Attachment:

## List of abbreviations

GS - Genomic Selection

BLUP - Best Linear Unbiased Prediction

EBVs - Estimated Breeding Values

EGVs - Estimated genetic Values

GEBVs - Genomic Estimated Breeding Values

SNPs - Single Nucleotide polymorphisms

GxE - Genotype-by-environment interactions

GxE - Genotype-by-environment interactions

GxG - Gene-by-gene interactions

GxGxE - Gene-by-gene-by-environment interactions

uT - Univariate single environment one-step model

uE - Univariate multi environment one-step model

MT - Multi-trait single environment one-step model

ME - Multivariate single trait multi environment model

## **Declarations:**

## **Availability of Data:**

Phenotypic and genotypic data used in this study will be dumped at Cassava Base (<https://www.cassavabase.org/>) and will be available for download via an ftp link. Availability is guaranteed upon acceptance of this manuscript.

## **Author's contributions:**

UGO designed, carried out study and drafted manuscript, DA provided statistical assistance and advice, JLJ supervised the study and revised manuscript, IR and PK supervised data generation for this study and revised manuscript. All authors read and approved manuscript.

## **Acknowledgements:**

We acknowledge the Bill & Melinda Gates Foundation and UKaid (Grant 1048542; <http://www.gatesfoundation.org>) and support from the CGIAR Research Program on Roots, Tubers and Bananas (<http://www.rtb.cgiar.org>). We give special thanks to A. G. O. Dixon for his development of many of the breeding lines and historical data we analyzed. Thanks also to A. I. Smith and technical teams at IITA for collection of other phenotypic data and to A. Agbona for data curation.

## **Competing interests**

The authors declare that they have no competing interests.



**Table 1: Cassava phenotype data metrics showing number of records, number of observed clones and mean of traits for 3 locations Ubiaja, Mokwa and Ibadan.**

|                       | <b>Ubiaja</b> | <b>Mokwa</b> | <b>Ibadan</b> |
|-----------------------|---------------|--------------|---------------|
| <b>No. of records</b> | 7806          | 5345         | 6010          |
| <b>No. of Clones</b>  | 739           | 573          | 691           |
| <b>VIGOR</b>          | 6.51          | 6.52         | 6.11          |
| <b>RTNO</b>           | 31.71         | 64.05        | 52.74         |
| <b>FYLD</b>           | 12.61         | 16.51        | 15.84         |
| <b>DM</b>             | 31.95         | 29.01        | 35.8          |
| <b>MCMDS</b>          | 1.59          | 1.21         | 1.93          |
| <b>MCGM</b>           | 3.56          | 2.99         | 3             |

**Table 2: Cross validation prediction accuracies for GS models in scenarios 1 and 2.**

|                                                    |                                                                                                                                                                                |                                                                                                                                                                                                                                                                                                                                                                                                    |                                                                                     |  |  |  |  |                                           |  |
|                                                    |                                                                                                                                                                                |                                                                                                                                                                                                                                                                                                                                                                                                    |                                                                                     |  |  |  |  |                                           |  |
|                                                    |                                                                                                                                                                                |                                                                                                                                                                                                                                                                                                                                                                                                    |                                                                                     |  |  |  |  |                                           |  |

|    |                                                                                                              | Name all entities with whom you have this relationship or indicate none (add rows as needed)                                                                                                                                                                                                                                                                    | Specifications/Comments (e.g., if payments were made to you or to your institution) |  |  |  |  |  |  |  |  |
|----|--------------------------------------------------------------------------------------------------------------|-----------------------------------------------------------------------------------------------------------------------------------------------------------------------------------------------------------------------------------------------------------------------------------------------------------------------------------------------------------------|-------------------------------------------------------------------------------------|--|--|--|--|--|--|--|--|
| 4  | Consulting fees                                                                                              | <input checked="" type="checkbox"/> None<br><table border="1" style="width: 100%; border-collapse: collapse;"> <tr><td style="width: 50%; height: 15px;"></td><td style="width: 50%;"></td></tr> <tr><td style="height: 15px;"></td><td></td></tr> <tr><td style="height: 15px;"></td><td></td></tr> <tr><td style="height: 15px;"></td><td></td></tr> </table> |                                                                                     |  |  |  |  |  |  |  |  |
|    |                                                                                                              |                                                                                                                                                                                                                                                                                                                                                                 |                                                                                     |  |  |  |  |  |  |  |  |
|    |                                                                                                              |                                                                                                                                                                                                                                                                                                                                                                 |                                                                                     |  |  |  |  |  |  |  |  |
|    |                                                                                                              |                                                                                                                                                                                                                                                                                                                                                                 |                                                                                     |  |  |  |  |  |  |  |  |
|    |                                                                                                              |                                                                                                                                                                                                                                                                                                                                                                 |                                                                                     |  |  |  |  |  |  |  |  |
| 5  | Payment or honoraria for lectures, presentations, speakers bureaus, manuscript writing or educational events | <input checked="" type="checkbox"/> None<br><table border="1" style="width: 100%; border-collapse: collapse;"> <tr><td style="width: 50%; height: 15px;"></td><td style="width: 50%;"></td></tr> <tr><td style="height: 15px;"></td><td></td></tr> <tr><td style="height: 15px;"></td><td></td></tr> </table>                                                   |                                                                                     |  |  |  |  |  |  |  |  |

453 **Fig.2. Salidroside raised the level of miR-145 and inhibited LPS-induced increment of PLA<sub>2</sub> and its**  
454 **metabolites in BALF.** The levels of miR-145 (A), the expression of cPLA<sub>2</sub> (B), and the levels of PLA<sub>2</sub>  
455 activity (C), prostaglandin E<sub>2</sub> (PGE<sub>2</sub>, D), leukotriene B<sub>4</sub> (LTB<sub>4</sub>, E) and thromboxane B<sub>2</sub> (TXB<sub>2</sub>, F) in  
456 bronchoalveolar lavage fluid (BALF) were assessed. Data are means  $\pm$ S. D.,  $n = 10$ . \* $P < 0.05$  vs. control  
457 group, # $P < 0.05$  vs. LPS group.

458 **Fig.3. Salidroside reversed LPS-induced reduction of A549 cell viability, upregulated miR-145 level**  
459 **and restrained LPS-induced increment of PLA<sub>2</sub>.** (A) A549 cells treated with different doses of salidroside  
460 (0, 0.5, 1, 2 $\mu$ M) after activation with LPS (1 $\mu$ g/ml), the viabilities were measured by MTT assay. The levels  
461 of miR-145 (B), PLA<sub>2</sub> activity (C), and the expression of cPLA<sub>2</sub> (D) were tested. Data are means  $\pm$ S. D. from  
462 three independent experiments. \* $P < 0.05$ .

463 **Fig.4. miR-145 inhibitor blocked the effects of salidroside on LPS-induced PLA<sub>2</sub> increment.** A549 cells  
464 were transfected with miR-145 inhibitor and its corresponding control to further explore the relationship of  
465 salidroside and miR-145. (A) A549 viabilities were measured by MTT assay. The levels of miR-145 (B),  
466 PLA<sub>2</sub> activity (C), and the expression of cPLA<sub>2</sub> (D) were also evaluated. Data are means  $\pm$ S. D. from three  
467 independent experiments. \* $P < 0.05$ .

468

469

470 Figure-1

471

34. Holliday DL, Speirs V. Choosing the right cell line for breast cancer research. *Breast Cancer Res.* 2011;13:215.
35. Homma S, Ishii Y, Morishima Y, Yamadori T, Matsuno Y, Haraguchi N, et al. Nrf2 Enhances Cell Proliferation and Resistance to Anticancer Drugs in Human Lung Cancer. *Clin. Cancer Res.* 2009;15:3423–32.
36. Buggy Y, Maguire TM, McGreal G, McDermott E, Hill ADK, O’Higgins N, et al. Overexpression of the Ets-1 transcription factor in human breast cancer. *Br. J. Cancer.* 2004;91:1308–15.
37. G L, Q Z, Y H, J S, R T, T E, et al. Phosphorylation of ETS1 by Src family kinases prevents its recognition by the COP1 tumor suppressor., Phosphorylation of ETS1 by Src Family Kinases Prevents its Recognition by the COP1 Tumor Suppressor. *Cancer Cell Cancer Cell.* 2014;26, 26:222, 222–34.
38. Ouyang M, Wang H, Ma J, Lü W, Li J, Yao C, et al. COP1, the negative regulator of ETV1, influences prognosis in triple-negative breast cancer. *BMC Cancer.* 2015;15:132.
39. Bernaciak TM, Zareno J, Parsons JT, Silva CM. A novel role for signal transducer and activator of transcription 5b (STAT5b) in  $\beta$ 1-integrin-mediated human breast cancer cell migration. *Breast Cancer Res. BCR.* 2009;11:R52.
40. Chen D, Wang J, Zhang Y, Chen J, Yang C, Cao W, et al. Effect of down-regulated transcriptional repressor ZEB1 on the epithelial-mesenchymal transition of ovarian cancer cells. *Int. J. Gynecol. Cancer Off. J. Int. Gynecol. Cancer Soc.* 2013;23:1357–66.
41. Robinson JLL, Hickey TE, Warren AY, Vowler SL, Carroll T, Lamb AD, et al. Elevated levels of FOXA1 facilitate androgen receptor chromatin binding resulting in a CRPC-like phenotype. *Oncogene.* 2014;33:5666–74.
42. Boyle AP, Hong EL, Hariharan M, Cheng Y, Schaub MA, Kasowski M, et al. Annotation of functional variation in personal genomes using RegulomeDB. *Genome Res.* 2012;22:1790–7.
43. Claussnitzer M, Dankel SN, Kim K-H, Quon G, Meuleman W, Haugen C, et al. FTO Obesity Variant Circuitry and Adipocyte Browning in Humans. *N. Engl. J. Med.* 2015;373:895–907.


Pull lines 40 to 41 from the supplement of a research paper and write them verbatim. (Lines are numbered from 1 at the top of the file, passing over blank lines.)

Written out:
|    |                                                                                                              | Name all entities with whom you have this relationship or indicate none (add rows as needed)                                                                                                                                                                                                                                                                    | Specifications/Comments (e.g., if payments were made to you or to your institution) |  |  |  |  |  |  |  |  |
|----|--------------------------------------------------------------------------------------------------------------|-----------------------------------------------------------------------------------------------------------------------------------------------------------------------------------------------------------------------------------------------------------------------------------------------------------------------------------------------------------------|-------------------------------------------------------------------------------------|--|--|--|--|--|--|--|--|